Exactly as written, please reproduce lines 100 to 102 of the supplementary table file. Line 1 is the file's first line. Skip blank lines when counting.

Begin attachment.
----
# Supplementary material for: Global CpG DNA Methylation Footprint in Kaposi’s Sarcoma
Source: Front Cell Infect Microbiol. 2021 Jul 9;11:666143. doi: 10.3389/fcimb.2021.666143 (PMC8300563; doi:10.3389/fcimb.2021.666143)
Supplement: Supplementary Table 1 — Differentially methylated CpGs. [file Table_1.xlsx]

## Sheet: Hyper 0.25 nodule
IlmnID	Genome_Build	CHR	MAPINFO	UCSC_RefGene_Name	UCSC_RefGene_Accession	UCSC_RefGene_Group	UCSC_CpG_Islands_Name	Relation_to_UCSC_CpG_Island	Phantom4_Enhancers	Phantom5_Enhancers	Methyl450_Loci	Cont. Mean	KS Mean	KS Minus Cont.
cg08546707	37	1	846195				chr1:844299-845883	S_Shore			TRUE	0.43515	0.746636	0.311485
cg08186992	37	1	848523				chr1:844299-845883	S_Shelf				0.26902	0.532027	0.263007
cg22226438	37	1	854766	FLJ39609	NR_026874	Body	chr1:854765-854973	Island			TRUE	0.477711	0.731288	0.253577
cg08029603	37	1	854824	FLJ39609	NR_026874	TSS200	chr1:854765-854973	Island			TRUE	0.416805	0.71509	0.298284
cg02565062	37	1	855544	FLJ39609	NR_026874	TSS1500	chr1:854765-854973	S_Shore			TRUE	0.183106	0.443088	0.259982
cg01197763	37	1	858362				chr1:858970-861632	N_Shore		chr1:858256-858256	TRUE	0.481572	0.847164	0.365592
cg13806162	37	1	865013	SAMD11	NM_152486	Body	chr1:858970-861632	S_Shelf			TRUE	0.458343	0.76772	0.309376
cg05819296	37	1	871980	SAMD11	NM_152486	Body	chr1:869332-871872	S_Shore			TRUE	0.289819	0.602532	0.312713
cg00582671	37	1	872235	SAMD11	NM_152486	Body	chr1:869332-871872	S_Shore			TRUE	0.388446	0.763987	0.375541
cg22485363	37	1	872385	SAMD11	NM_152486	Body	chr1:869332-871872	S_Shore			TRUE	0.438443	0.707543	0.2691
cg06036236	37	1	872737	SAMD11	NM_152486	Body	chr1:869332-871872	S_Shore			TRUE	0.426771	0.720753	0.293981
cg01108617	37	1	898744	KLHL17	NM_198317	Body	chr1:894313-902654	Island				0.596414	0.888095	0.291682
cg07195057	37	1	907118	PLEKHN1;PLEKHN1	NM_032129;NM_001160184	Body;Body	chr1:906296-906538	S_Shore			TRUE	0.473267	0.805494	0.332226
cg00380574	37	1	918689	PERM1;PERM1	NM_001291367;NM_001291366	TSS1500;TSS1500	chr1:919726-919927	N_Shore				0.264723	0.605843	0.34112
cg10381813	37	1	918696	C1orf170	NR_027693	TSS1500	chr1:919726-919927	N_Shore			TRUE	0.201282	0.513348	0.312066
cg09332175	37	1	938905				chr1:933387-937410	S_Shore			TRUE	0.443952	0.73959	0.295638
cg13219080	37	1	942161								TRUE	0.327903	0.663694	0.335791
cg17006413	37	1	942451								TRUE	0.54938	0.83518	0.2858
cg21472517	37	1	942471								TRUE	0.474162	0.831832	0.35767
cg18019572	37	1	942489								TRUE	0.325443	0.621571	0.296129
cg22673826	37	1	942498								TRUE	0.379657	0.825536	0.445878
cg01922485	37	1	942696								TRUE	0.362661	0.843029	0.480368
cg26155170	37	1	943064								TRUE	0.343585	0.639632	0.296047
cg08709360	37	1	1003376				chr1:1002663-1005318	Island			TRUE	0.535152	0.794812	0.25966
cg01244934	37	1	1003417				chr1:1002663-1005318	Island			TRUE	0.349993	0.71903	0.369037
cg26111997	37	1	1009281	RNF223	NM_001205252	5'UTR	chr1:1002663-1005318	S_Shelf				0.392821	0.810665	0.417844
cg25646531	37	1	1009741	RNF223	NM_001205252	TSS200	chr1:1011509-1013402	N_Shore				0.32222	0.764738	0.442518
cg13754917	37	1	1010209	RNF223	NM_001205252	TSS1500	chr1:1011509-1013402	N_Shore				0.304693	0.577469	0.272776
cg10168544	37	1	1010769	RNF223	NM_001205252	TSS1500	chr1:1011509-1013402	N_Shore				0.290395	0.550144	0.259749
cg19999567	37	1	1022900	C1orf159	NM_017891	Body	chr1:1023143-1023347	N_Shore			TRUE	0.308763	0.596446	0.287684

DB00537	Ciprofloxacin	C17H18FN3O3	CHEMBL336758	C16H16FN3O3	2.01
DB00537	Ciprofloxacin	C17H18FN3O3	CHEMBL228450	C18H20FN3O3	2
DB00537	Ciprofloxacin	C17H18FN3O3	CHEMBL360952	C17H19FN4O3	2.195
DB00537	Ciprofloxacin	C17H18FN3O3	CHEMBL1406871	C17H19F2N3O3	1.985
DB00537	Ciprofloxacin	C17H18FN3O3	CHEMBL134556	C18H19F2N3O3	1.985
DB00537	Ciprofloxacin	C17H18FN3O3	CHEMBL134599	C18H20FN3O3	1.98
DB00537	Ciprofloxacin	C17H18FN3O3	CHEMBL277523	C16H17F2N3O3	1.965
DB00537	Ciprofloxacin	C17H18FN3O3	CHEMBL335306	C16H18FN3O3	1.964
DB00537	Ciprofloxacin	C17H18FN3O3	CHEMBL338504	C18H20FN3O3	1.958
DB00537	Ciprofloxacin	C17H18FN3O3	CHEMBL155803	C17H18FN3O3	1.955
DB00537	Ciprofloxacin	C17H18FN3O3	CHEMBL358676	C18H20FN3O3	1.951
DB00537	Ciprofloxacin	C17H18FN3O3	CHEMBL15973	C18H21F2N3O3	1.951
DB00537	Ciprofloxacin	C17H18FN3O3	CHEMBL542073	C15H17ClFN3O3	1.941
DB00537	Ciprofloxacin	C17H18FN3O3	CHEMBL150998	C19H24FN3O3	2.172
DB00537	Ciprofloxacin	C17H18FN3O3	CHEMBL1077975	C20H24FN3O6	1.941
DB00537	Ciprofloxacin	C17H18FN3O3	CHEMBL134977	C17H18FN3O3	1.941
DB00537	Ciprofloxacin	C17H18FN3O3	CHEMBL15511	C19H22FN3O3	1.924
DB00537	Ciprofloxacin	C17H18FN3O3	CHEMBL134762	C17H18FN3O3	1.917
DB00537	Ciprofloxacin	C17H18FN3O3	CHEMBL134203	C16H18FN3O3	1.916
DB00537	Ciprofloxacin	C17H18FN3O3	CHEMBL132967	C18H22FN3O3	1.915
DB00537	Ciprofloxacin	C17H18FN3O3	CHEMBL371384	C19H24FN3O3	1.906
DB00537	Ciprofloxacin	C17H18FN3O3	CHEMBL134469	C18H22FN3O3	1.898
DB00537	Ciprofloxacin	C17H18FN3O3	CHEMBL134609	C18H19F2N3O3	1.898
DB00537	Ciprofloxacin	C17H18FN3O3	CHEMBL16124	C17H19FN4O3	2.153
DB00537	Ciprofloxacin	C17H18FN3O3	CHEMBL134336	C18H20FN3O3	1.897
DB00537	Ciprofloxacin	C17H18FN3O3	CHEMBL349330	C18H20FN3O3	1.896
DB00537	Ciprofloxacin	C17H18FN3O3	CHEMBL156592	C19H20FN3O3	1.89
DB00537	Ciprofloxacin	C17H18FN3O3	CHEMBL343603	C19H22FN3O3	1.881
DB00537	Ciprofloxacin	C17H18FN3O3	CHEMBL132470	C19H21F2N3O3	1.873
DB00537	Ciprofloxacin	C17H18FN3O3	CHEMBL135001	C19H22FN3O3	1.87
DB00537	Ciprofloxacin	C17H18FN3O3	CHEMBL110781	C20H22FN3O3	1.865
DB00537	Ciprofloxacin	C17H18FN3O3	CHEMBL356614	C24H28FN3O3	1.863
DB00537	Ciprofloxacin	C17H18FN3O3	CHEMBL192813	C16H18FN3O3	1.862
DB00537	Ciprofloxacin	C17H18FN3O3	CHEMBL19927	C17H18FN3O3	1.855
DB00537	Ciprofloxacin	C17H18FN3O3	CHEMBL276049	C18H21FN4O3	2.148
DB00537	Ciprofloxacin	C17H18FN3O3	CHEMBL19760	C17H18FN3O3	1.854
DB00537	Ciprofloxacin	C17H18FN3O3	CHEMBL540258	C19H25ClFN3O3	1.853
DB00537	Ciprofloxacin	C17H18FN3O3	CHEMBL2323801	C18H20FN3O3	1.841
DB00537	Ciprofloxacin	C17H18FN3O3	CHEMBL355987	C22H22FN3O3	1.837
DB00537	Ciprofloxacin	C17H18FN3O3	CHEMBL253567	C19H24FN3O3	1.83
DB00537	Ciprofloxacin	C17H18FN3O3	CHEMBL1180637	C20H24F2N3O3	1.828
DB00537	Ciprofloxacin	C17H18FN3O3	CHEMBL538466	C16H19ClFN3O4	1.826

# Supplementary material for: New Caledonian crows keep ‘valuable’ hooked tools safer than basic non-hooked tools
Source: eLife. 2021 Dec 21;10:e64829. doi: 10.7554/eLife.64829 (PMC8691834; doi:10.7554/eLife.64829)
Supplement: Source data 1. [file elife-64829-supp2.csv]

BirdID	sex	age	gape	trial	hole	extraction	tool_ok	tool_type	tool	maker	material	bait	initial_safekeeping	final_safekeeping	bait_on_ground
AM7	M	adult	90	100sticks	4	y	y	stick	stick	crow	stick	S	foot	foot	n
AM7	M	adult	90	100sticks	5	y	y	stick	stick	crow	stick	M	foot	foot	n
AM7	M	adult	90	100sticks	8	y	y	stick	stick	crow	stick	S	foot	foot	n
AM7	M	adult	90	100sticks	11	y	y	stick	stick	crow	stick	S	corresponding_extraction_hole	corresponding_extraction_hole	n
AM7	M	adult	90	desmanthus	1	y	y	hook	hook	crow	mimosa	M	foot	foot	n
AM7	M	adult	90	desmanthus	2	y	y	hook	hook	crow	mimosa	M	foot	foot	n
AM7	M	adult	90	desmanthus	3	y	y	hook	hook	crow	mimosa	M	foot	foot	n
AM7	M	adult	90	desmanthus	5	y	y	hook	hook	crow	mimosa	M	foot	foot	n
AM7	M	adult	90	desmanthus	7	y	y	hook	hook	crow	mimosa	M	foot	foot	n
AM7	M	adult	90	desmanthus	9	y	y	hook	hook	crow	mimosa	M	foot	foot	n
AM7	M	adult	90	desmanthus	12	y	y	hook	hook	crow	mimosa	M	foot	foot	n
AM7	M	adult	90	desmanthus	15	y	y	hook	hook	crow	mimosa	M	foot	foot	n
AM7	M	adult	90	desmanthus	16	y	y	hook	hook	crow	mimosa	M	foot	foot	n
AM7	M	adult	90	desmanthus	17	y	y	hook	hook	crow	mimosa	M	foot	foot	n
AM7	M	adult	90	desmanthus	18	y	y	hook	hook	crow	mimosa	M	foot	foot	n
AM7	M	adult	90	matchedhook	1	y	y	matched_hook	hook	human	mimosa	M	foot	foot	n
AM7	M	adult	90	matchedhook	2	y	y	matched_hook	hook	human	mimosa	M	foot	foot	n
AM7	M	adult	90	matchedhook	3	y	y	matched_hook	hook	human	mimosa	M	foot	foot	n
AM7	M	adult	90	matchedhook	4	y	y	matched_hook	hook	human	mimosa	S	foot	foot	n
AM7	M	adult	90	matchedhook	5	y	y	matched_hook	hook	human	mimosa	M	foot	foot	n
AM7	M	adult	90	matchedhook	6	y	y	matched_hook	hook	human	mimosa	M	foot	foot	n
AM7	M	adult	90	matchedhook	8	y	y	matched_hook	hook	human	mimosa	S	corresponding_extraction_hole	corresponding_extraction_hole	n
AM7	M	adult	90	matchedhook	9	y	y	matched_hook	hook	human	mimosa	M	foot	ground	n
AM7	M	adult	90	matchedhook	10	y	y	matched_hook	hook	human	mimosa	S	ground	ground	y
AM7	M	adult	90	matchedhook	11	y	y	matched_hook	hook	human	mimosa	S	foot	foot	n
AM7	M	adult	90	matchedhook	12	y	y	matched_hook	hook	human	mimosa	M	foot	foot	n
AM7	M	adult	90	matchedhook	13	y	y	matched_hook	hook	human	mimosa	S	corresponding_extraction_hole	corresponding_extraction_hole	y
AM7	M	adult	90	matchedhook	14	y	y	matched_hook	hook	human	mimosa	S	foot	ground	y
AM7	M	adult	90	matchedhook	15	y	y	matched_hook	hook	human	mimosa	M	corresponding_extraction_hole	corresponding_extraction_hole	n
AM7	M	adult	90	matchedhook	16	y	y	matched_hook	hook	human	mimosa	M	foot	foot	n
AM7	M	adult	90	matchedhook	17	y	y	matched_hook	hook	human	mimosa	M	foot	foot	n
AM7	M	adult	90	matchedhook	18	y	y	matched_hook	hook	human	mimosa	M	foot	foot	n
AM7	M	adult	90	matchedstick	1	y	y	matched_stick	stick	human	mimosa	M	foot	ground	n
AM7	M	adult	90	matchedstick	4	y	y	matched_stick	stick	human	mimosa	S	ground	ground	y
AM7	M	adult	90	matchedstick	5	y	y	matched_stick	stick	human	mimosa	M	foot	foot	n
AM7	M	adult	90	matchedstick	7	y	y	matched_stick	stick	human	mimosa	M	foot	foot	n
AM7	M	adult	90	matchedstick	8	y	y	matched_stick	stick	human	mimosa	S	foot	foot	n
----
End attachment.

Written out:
AM7	M	adult	90	matchedhook	4	y	y	matched_hook	hook	human	mimosa	S	foot	foot	n
AM7	M	adult	90	matchedhook	5	y	y	matched_hook	hook	human	mimosa	M	foot	foot	n
AM7	M	adult	90	matchedhook	6	y	y	matched_hook	hook	human	mimosa	M	foot	foot	n